chinese gaming

The Chinese Government Halts a Process for Approving Game Licenses

player unknown battlegrounds

Regulators in China have ended issuing game licenses through a stopgap approval process.  This closes the last known official path for making money from new titles in the world’s biggest gaming market.  Known as the green channel, licenses are no longer being granted.  This is used for both domestic and foreign games.  The approval mechanism had been in place since at least August, following the government’s decision to restructure how it reviews video games for violence, gambling, and sensitive topics.  Is this just another form of censorship by the Chinese government? Or is this a legitimate way to ensure that people aren’t being subjected to unnecessary violence?

These restrictions threaten the fortunes of game companies like Tencent Holdings Ltd., and NetEase Inc. The entire value of the market is around $38 billion, which adds to the uncertainty about the Communist Party’s long-term plans for regulating the industry.  The previous crackdown affected online, mobile and console games, also hit China’s Bilibili Inc., while Japan’s Capcom Co., Nexon Co., and Konami Holdings Corp all saw their shares decline.  This whole thing is a bit much, as Tencent has lost about $160 billion in market value this year, which is more than any other company worldwide, and it’s likely connected to this game license approval process.

While it’s unclear why this is happening, the government has stepped up its oversight of an industry that it claims leads to addiction, myopia and other issues related to the youth of the country.  Some analysts had believed that this larger freeze would have ended by September, it doesn’t show any signs of stopping.  The green channel had been a temporary solution to carry the industry over until it could get it sorted out.

Tencent, as you know, is the maker of the popular game Player Unknown Battle Grounds (PUBG), but what hurts is the fact that they can’t offer any new in-game spending options. China represents a huge player base for any game, but it represents 33% of PUBG Mobile’s more than 225 million downloads to date through Google Play and the App Store.  The U.S. and India are the next biggest download markets for PUBG Mobile. The U.S. makes up 11 percent of its total, and India represents 8 percent. In terms of revenues, the U.S. makes up about a quarter of the total with $24.3 million. So with China having three times as many players, you can see the revenue potential that Tencent is leaving on the table.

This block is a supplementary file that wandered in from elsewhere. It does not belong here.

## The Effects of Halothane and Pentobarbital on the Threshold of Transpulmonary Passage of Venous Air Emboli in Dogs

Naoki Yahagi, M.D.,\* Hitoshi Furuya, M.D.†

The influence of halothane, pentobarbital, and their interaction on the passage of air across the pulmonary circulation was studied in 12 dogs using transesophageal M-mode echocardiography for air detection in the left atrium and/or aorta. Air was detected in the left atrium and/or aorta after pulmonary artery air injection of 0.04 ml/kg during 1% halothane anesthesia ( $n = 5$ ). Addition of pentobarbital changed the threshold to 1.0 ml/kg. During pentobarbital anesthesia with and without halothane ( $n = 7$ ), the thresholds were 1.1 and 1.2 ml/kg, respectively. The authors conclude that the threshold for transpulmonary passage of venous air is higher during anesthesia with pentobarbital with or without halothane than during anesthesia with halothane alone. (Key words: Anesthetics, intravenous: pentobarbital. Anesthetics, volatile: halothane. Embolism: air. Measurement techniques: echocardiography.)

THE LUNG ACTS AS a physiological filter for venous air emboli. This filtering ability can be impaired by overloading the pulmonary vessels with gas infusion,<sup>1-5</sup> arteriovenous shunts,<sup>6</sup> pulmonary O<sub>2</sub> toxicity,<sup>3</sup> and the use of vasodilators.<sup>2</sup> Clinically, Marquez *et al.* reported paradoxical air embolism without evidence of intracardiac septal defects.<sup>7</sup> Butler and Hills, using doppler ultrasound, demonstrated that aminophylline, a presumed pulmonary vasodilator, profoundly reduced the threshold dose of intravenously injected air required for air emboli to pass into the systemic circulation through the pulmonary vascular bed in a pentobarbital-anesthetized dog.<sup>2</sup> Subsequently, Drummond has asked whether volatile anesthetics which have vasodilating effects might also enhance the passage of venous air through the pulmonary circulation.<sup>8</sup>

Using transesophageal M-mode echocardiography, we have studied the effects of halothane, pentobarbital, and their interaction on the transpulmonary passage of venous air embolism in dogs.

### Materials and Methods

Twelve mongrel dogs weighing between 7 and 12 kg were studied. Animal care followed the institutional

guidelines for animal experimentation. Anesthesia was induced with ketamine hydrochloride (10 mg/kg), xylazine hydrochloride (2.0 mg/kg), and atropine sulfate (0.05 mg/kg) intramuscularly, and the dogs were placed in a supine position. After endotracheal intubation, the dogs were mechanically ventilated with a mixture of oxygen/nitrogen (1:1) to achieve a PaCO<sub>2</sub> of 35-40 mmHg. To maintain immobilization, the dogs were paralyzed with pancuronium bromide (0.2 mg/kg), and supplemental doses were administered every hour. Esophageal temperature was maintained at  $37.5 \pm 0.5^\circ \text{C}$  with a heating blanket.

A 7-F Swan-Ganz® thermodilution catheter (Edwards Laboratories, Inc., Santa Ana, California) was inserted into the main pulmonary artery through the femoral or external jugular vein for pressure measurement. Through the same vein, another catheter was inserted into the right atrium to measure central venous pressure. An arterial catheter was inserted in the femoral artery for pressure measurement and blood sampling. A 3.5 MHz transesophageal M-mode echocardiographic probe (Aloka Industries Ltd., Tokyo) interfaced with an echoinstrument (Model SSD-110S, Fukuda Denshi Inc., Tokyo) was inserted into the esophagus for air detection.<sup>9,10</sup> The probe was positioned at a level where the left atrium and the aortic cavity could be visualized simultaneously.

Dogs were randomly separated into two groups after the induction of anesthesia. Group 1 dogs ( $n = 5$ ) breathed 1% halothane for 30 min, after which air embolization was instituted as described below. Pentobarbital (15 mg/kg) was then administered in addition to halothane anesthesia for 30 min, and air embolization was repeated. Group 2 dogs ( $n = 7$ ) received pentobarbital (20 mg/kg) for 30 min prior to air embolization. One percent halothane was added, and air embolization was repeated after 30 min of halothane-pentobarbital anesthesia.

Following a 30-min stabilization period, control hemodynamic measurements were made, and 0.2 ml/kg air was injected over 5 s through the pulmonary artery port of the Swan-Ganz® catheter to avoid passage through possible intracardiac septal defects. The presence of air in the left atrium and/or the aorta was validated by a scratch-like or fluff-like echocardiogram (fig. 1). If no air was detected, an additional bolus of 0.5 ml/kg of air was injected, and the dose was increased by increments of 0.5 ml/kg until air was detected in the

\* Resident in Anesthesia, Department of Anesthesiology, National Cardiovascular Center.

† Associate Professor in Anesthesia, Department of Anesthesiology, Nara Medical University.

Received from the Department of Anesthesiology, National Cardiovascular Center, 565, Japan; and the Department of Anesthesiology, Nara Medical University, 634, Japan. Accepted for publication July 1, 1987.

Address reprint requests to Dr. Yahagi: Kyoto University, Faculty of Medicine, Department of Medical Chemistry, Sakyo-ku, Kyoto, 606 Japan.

Industry players have been seeking alternatives to counter the setback. The freeze has given rise to a grey market where Chinese gaming companies have been selling their publishing licenses for as much as 500,000 yuan ($72,000), said one of the people. Prices have dropped to about 200,000 to 300,000 yuan recently, suggesting some people expect the ban to end soon.

All of this has also caused gamers to flock to Steam, which is an online platform where people can play unlicensed titles.  The site, which is owned by a U.S company, has escaped the government crackdown thus far.  Its games are now available via overseas servers, so it’s unclear if that will continue once Steam begins using local servers as the Chinese government requires.

All that said, it doesn’t look like the Chinese government is going to pull the reigns back on this one, so it will be interesting to see how this plays out.

One thought on “The Chinese Government Halts a Process for Approving Game Licenses

Comments are closed.